Better than your Average Barbie

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I don’t have any alumni ties to Brown, though it’s possible I could be the long-lost granddaughter of James S. Miller. Never in my life have I sailed the cerulean Pacific Ocean on the back of a Humpback Whale, nor can I wrap sushi with the same perfection as former Iron Chef, Masaharu Morimoto. I haven’t done too much research regarding podiatry, and chances are I will never win the Michigan Mega-Millions lottery. I am, however, the proud owner of The Little Mermaid edition Barbie.

At some point in almost every little girl’s life, she becomes engrossed in the Pepto-Bismol pink world of Barbies, a place I entered at the ripe age of seven. My sister Hannah and I decided to take our small collection of eleven-inch-tall plastic friends for a dip in the pool on one sweltering, summer day. Hours of giggling resulted from tossing the Barbies as high as we could into the air, and then watching them tumble gracefully into the aqua waves. Three…two…one, I launched my Little Mermaid doll in the same fashion as Apollo 11. Hannah and I watched with sheer awe as the doll rocketed into the sky. I glanced at my sister, who was scrambling through her scorecards, to make sure she reached for the well-deserved “ten”. My eyes returned upward, waiting for the much anticipated gymnastic stunts Barbie would undoubtedly deliver to her enraptured audience. Where was she? The clock ticked impatiently and the crowd was growing restless. Had she landed on the moon?

Utterly bewildered, we combed through the freshly mown grass and the bug-infested, sticky woods, but unfortunately, our search bore no fruit. After a moment of sorrow, our tiny attention spans directed us to a different game, and our minds fluttered with thoughts pertaining to everything but our lost companion. As the tomorrows became yesteryears, I encountered many of my own quirky adventures. As a field biologist intern, I camped fifteen days on an uninhabited island, purified my own water, surveyed the endangered Piping Plover, tested the water quality of nearby lakes, and found my way out of 70,000 acres of Northern Michigan wilderness. My view of the world broadened through unique travels and encounters with Costa Rican, German, French, and Australian cultures. I had won varsity letters, gotten my poetry published, and volunteered at my local hospital, but as I grew older, the mystery of the once beloved Little Mermaid edition Barbie faded into a misty memory.

Rainbow leaves swirled through the air and the chilly autumn breeze carried a pleasant scent, an amalgamation of bonfire and pumpkin. Upon the rooftop was not good Saint Nick, but rather my dad, cleaning the leaves off our house. Tied to the branch of an ancient oak tree, the tire-swing moved my body in a pendulum manner, and my dad walked over, something dark in his hands. “Eh…does this belong to you or Hannah?” he said with a look of perplexity painted on his face. I could not believe my eyes: it was the Little Mermaid Edition Barbie. The poor girl--she was an absolute disaster. I affirmed my ownership of the recently discovered traveler, and took her battered body into my hands.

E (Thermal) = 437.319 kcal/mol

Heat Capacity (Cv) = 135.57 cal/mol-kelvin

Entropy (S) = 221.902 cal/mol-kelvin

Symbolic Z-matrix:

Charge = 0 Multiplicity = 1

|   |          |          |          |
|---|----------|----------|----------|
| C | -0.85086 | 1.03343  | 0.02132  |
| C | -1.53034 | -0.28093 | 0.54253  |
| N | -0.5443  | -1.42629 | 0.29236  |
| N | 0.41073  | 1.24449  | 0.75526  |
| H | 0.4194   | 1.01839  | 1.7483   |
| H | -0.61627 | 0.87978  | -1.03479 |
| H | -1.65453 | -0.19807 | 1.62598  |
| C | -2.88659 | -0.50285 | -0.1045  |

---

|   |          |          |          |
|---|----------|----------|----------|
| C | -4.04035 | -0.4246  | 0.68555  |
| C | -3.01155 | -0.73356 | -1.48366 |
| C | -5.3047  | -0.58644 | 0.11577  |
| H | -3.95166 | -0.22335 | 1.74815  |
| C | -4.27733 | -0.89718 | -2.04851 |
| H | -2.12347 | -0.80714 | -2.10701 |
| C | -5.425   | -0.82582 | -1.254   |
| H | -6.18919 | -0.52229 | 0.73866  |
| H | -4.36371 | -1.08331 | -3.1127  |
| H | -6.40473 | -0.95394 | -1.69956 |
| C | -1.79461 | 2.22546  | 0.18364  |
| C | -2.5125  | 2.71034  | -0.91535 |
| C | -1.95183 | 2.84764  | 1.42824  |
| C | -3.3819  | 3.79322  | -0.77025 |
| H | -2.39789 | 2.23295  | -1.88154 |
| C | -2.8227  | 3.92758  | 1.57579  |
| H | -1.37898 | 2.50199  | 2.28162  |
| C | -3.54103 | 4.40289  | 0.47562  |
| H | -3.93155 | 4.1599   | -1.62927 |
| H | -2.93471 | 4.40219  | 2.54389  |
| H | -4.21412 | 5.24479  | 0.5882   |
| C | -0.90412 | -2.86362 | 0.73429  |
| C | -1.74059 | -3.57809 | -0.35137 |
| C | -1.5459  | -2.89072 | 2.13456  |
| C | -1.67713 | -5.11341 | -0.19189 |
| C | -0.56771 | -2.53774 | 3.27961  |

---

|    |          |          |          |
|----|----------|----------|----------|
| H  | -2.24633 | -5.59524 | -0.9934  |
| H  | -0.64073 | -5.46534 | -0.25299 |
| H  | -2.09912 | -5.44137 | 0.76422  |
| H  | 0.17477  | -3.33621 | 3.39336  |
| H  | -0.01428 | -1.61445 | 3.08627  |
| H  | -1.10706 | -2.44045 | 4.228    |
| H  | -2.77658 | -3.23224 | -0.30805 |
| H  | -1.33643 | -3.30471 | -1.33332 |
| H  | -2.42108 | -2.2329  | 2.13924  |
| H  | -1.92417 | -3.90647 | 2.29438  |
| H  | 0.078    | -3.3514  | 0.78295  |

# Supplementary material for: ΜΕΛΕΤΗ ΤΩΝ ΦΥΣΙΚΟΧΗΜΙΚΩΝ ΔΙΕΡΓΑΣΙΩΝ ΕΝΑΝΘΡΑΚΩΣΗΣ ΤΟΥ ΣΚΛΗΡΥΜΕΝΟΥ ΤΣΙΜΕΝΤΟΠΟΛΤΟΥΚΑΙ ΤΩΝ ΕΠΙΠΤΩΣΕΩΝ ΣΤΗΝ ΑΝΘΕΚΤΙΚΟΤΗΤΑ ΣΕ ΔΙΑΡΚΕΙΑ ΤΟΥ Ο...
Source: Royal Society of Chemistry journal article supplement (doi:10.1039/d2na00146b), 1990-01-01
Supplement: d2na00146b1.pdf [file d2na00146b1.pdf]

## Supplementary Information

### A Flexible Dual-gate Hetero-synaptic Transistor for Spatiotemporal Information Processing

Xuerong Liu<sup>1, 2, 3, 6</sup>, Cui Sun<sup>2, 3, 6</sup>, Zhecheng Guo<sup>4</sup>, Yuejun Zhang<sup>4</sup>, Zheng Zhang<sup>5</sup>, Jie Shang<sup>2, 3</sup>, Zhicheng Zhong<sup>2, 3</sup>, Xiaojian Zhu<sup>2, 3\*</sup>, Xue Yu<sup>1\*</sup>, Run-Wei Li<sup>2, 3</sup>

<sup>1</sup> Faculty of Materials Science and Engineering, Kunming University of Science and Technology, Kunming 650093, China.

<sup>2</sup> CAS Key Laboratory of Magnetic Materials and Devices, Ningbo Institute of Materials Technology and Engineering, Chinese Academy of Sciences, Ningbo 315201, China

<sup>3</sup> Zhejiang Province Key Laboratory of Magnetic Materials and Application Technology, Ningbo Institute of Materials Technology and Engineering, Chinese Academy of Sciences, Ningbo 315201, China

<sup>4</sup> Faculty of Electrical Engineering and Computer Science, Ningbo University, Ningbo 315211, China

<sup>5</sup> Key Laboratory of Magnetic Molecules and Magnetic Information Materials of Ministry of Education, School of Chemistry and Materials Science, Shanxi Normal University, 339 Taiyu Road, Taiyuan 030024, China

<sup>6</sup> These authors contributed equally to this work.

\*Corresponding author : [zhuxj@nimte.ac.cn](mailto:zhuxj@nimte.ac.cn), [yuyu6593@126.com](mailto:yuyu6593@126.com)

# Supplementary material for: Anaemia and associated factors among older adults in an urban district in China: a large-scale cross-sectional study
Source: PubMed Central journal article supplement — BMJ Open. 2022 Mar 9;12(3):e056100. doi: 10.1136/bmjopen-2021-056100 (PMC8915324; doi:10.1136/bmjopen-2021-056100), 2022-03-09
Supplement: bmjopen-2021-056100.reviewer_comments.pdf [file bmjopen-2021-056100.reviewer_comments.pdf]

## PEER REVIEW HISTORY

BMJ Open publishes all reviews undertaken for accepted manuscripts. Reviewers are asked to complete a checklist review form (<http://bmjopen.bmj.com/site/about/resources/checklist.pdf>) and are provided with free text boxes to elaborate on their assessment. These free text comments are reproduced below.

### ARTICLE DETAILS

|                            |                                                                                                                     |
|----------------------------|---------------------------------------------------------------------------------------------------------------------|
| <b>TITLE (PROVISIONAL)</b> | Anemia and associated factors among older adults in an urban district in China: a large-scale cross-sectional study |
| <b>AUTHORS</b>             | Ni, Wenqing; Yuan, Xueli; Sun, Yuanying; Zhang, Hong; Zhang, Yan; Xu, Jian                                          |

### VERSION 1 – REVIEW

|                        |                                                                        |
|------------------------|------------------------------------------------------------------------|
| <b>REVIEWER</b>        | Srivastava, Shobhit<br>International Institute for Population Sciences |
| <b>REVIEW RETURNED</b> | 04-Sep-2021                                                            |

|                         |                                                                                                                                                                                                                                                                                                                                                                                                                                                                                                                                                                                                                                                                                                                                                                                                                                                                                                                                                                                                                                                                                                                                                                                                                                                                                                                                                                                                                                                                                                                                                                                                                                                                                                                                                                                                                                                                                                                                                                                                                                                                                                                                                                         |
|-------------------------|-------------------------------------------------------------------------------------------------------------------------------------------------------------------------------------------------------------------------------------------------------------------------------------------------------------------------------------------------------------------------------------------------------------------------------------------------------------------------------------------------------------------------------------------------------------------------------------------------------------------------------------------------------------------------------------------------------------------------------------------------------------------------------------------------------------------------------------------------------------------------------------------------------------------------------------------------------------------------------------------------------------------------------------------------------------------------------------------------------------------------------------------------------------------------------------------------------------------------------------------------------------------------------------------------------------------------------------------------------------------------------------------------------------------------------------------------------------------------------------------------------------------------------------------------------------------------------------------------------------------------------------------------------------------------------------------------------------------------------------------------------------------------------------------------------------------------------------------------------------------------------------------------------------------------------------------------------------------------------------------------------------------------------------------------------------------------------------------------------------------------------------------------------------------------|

Nine years had passed since the last time I had seen the almost-world-renowned Olympic diver. I recalled that sizzling summer day and smiled as cheerful childhood memories flooded my mind. She looked as though she’d been struck by lightning a few times, survived heavy monsoons, and held onto the gutter for dear life during tornados. Her mangled arm appeared to have been mistaken for a worm by a ferocious momma bird. Leaves, dirt, and other debris were entwined in her previously shiny, cherry locks. Her original attire had been tattered, and she seemed to have fashioned a Tarzan-esque ensemble. Her inventiveness was impressive; it reminded me of an experience in which I had to craft socks out of a garbage bag and medical tape, then wear them for three days in pouring rain. Nevertheless, one thing stood out to me as I ogled my long lost friend: her face.

On it was a radiant smile, a look of contentment, self-confidence, and a sense of accomplishment. With a head held high and a positive attitude, she had battled life’s unexpected challenges. She knows now what it means to strive and succeed. I glanced at her and realized the world of pink doesn’t fit someone with so much potential, so much passion for learning, so much heart, independence, and creativity. I look at her and see myself, reflected in her sapphire eyes. Like her, my dreams lie far beyond those of a Stepford wife, and with the ability to bend and not break, I am more than ready to step out from my plastic box society, through the Van Winkle gates, and into a world of endless possibility. I crave the works of Thoreau and Emerson, not mall directories or grocery lists. I desire adventure and the opportunity to study new cultures. I long to write what I want and voice my opinions with my whole heart behind them. And as the Little Mermaid edition Barbie sits on my shelf, next to trophies of both musical and athletic persuasions, behind silly pictures of friends, and alongside books of Maya Angelou and Lewis Carroll, she reminds me of myself. For this ambitious girl,
p i n k is not enough, she is ready to dive into B r o w n.





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